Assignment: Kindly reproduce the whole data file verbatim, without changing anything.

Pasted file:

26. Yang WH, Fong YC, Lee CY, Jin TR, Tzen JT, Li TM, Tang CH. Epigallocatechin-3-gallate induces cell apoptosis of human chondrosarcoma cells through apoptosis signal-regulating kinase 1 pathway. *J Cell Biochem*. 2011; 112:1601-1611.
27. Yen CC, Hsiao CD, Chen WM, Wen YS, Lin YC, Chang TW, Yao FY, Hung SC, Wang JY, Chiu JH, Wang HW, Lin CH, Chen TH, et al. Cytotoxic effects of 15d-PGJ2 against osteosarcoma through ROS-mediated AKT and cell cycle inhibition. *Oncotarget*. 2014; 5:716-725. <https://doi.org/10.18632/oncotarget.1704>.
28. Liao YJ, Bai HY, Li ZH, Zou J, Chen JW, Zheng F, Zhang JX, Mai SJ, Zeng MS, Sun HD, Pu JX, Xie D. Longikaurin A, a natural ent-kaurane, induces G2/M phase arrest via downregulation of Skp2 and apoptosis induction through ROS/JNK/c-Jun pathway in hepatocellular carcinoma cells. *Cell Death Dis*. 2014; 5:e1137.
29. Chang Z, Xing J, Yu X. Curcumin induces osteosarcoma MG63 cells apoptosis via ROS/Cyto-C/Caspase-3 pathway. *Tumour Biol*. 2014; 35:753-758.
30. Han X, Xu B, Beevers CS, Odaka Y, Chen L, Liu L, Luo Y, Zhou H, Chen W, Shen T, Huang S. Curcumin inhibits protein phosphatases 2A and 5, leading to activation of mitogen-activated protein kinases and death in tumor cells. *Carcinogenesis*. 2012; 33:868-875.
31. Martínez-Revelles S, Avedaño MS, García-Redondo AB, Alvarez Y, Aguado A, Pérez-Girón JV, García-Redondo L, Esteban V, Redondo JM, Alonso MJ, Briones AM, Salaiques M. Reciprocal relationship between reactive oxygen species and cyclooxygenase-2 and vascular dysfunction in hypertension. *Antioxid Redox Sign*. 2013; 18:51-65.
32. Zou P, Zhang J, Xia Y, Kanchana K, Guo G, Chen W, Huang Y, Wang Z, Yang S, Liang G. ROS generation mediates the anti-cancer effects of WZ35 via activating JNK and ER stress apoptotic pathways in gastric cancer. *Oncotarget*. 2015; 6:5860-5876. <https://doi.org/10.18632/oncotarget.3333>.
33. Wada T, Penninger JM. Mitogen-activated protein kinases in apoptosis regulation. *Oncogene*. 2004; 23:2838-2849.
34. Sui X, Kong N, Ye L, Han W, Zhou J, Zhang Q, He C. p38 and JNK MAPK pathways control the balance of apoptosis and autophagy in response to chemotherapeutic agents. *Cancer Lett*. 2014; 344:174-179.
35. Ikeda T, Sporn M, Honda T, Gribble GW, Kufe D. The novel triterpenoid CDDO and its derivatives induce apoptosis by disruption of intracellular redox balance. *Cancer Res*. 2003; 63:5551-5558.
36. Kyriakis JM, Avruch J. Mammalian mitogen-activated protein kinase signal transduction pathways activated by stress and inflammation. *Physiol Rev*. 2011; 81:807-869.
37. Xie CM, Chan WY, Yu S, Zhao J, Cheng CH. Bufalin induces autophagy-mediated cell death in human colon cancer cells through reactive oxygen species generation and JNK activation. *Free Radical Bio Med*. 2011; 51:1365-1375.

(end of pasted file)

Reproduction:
26. Yang WH, Fong YC, Lee CY, Jin TR, Tzen JT, Li TM, Tang CH. Epigallocatechin-3-gallate induces cell apoptosis of human chondrosarcoma cells through apoptosis signal-regulating kinase 1 pathway. *J Cell Biochem*. 2011; 112:1601-1611.
27. Yen CC, Hsiao CD, Chen WM, Wen YS, Lin YC, Chang TW, Yao FY, Hung SC, Wang JY, Chiu JH, Wang HW, Lin CH, Chen TH, et al. Cytotoxic effects of 15d-PGJ2 against osteosarcoma through ROS-mediated AKT and cell cycle inhibition. *Oncotarget*. 2014; 5:716-725. <https://doi.org/10.18632/oncotarget.1704>.
28. Liao YJ, Bai HY, Li ZH, Zou J, Chen JW, Zheng F, Zhang JX, Mai SJ, Zeng MS, Sun HD, Pu JX, Xie D. Longikaurin A, a natural ent-kaurane, induces G2/M phase arrest via downregulation of Skp2 and apoptosis induction through ROS/JNK/c-Jun pathway in hepatocellular carcinoma cells. *Cell Death Dis*. 2014; 5:e1137.
29. Chang Z, Xing J, Yu X. Curcumin induces osteosarcoma MG63 cells apoptosis via ROS/Cyto-C/Caspase-3 pathway. *Tumour Biol*. 2014; 35:753-758.
30. Han X, Xu B, Beevers CS, Odaka Y, Chen L, Liu L, Luo Y, Zhou H, Chen W, Shen T, Huang S. Curcumin inhibits protein phosphatases 2A and 5, leading to activation of mitogen-activated protein kinases and death in tumor cells. *Carcinogenesis*. 2012; 33:868-875.
31. Martínez-Revelles S, Avedaño MS, García-Redondo AB, Alvarez Y, Aguado A, Pérez-Girón JV, García-Redondo L, Esteban V, Redondo JM, Alonso MJ, Briones AM, Salaiques M. Reciprocal relationship between reactive oxygen species and cyclooxygenase-2 and vascular dysfunction in hypertension. *Antioxid Redox Sign*. 2013; 18:51-65.
32. Zou P, Zhang J, Xia Y, Kanchana K, Guo G, Chen W, Huang Y, Wang Z, Yang S, Liang G. ROS generation mediates the anti-cancer effects of WZ35 via activating JNK and ER stress apoptotic pathways in gastric cancer. *Oncotarget*. 2015; 6:5860-5876. <https://doi.org/10.18632/oncotarget.3333>.
33. Wada T, Penninger JM. Mitogen-activated protein kinases in apoptosis regulation. *Oncogene*. 2004; 23:2838-2849.
34. Sui X, Kong N, Ye L, Han W, Zhou J, Zhang Q, He C. p38 and JNK MAPK pathways control the balance of apoptosis and autophagy in response to chemotherapeutic agents. *Cancer Lett*. 2014; 344:174-179.
35. Ikeda T, Sporn M, Honda T, Gribble GW, Kufe D. The novel triterpenoid CDDO and its derivatives induce apoptosis by disruption of intracellular redox balance. *Cancer Res*. 2003; 63:5551-5558.
36. Kyriakis JM, Avruch J. Mammalian mitogen-activated protein kinase signal transduction pathways activated by stress and inflammation. *Physiol Rev*. 2011; 81:807-869.
37. Xie CM, Chan WY, Yu S, Zhao J, Cheng CH. Bufalin induces autophagy-mediated cell death in human colon cancer cells through reactive oxygen species generation and JNK activation. *Free Radical Bio Med*. 2011; 51:1365-1375.